Angus Whitaker was a superb sailor of the waters off the East Coast. That's why his disappearance is so hard for his friends to accept

LOST AT SEA

April 28, 1996|By R. EDWARD TURNER

Each year, thousands of boaters venture into the coastal waterways of the eastern United States. Most have uneventful trips, but some have emergencies and must rely on a fellow boater or the U.S. Coast Guard for help in making it safely back to shore. In a few cases, a boater disappears without a trace from these waters. There's no report of a radio transmission, of a "Mayday" call, or of a distant flare spotted in the night. Boater and vessel are simply never seen again. Following is the story of one such disappearance. Night after night, through December and most of January, the radio calls for assistance came over the Coast Guard channel. On the morning of Nov. 5, 1995, a 23-foot sailboat, with a green hull, white deck, white sails, and the name Prudence Plus on its stern, had left Long Island, N.Y., for a voyage down the New Jersey coast, through the Chesapeake Bay, back into the Atlantic Ocean, and south to Key Largo, Fla. Its captain, the only person aboard, hadn't been heard from since.

The Coast Guard's emergency broadcasts asked all boaters along the route to be on the lookout for the Prudence Plus and its captain. Such calls for help normally are broadcast for only two or three weeks. After that, the Coast Guard announces that the request for assistance is being suspended pending further developments.

Why had this emergency broadcast been repeated for so many weeks? Who had taken such a small boat into the Atlantic Ocean with winter approaching? Had the little sloop been washed out to sea? Was the captain stranded on some remote shore in the Chesapeake? These questions stuck in my mind as I listened to the calls on my marine radio.

I was intrigued, and determined to learn something about this missing sailor. I began by calling the Coast Guard in Baltimore. I was referred to the Coast Guard in New York and from someone in that office I found out that the sailor was out of a boat yard in Sayville, Long Island. After a few inquiries, I had the right boat yard and was talking to the owner. With information provided by him and other friends of the sailor (his family declined to speak with me), I slowly pieced together a story.

The first thing I learned about Angus Whitaker was that he no ordinary boater. He knew his stuff. His family and friends, I was told, never expected him to get himself into something he couldn't get out of. Their faith in his sailing skills accounted for the extended emergency calls by the Coast Guard, and for the hope, held by them and the Guard, that, maybe, just maybe, somewhere in the ocean between America and Europe, a tiny vessel with a lone seaman aboard was bobbing around.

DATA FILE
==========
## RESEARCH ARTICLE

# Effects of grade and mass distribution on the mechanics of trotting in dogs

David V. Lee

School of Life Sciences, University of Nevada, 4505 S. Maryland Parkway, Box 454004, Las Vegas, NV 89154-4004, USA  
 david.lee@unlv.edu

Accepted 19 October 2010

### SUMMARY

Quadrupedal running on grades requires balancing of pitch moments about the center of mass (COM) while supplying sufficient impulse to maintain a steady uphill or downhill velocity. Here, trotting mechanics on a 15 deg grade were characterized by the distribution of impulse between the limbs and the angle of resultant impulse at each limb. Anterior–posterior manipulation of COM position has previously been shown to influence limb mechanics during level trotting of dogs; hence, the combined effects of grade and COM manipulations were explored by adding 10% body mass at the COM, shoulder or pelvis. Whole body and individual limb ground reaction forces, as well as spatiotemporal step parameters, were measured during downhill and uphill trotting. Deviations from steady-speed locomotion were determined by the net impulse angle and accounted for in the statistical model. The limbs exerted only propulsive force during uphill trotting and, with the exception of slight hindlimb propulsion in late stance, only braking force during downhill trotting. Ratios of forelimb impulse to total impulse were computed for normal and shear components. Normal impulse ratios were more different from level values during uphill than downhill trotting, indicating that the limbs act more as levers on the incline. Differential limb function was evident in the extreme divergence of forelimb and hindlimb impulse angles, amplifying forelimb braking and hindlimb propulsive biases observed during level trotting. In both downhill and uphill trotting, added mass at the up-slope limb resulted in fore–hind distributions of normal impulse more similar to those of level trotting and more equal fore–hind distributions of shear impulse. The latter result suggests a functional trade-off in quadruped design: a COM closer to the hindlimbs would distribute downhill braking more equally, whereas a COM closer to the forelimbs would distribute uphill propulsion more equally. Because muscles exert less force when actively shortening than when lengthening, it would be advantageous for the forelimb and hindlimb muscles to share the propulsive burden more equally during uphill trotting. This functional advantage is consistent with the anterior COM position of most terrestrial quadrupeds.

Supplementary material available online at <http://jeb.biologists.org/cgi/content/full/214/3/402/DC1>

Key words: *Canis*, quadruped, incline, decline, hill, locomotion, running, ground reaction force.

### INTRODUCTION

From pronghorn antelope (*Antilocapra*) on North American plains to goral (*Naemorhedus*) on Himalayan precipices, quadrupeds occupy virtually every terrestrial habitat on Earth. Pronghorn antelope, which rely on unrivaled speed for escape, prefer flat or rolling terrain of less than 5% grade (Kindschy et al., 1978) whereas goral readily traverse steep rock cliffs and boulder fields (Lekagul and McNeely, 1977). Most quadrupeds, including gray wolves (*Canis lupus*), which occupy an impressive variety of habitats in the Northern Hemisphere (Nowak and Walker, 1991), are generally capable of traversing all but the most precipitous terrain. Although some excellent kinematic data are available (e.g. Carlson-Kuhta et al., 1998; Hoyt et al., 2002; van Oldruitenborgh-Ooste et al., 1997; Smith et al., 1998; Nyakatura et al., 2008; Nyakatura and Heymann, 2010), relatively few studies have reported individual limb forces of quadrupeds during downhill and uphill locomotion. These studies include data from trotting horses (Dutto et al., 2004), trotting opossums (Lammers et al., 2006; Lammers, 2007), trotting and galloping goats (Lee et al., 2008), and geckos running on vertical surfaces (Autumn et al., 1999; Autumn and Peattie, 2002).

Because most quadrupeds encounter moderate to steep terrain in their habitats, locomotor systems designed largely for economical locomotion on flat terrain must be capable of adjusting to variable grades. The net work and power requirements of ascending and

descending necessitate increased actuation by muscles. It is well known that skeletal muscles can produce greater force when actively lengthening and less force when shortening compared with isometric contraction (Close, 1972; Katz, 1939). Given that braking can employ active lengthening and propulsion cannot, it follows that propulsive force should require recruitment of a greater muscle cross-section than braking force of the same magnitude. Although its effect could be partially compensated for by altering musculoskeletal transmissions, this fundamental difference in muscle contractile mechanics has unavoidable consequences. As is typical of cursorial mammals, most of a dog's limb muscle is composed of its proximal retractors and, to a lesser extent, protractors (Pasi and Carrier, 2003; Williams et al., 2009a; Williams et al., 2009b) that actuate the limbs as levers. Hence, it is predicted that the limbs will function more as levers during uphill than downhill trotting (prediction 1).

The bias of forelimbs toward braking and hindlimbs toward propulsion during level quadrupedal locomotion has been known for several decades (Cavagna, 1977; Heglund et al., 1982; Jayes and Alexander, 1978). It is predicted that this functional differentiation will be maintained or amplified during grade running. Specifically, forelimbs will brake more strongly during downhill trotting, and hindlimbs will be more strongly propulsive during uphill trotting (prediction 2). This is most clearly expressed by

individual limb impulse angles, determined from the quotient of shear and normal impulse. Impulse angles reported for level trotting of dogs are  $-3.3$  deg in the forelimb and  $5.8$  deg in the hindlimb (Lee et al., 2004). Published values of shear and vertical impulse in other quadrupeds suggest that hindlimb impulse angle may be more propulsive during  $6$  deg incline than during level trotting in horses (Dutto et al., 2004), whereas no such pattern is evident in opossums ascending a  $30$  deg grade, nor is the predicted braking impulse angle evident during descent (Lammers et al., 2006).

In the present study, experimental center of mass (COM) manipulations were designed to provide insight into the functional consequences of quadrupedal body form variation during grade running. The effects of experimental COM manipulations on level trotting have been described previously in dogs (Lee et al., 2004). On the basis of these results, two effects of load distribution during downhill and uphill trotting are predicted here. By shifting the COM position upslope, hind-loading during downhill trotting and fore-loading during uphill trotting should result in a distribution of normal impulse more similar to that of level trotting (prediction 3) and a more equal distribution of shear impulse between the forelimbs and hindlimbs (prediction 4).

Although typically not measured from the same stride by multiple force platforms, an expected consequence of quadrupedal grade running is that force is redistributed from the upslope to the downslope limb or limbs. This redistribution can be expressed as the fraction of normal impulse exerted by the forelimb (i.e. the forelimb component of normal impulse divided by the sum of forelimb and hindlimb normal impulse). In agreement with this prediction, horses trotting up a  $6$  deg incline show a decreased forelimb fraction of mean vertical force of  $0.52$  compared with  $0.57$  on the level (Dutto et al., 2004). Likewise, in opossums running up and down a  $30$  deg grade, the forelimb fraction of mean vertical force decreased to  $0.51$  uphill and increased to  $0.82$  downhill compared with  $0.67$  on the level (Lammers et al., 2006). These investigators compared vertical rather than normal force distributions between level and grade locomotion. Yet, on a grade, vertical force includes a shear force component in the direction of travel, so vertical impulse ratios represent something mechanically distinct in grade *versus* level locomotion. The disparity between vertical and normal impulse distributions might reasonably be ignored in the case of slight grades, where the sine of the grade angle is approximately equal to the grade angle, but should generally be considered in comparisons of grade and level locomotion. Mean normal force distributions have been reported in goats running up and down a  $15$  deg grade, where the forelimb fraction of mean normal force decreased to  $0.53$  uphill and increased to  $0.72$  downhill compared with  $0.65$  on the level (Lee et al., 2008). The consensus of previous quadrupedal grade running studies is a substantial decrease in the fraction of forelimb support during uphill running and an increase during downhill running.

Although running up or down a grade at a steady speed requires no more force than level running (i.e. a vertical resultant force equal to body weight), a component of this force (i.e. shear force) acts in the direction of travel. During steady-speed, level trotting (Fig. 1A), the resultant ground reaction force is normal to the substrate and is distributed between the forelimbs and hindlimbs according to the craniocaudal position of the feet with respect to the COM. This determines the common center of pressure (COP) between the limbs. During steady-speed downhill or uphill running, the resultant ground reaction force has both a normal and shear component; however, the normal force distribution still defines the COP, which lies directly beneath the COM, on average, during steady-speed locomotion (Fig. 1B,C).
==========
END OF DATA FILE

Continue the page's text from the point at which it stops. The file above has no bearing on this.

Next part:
'A Beachcomber Type'

On the morning of last Nov. 5, Angus Whitaker waved goodbye to friends he had grown up with, boarded the tiny sloop that was also his home, and sailed off from Long Island toward Key Largo, Fla. It was the last time anyone ever saw the 53-year-old sailor.

No concentrated search was made for the missing seaman, although the Coast Guard did order search and rescue vessels and aircraft to be on the lookout for him during routine patrols over the Atlantic, from New York to Florida.

The end of the Coast Guard's efforts in late January could have meant the end of the story. Almost any sailor would agree that taking on the North Atlantic in a 23-foot sailboat with no motor and with winter approaching is a foolhardy venture. But the missing sailor was Angus Whitaker, a man the sea couldn't easily conquer. His friends weren't ready to stop hoping. Months after his disappearance, some were still speaking of him in present tense.

Mr. Whitaker had sailed the Prudence Plus from his home berth in Key Largo to Sayville, Long Island, N.Y., to attend the 35-year reunion of the Sayville High School Class of 1960. Class members who knew him all his life didn't wonder that he could make such a voyage in a tiny sailboat; it was one of many times he had landed in Sayville from the sea.

His usual route was up the Intracoastal Waterway, into the mouth of and up the Chesapeake Bay, through the Chesapeake and Delaware Canal into Delaware Bay, and back into the Atlantic for the final leg to Long Island. He usually spent nights along the way in the homes of classmates Jimmy Ardito of Charleston, S.C., and Les Hanak of Virginia Beach, Va.

They and other classmates had noticed a few important changes in Mr. Whitaker over the years. Said Kenneth Stein, owner of the Sayville boat yard from which Mr. Whitaker had sailed, "At our first class reunion, he showed up looking like an executive, with a three-piece suit and wingtip shoes." (Mr. Whitaker had earned a degree in mechanical engineering and was working in California then.) But as the years went by, Mr. Stein said, his friend and classmate seemed to become more and more "laid-back, a beachcomber type."

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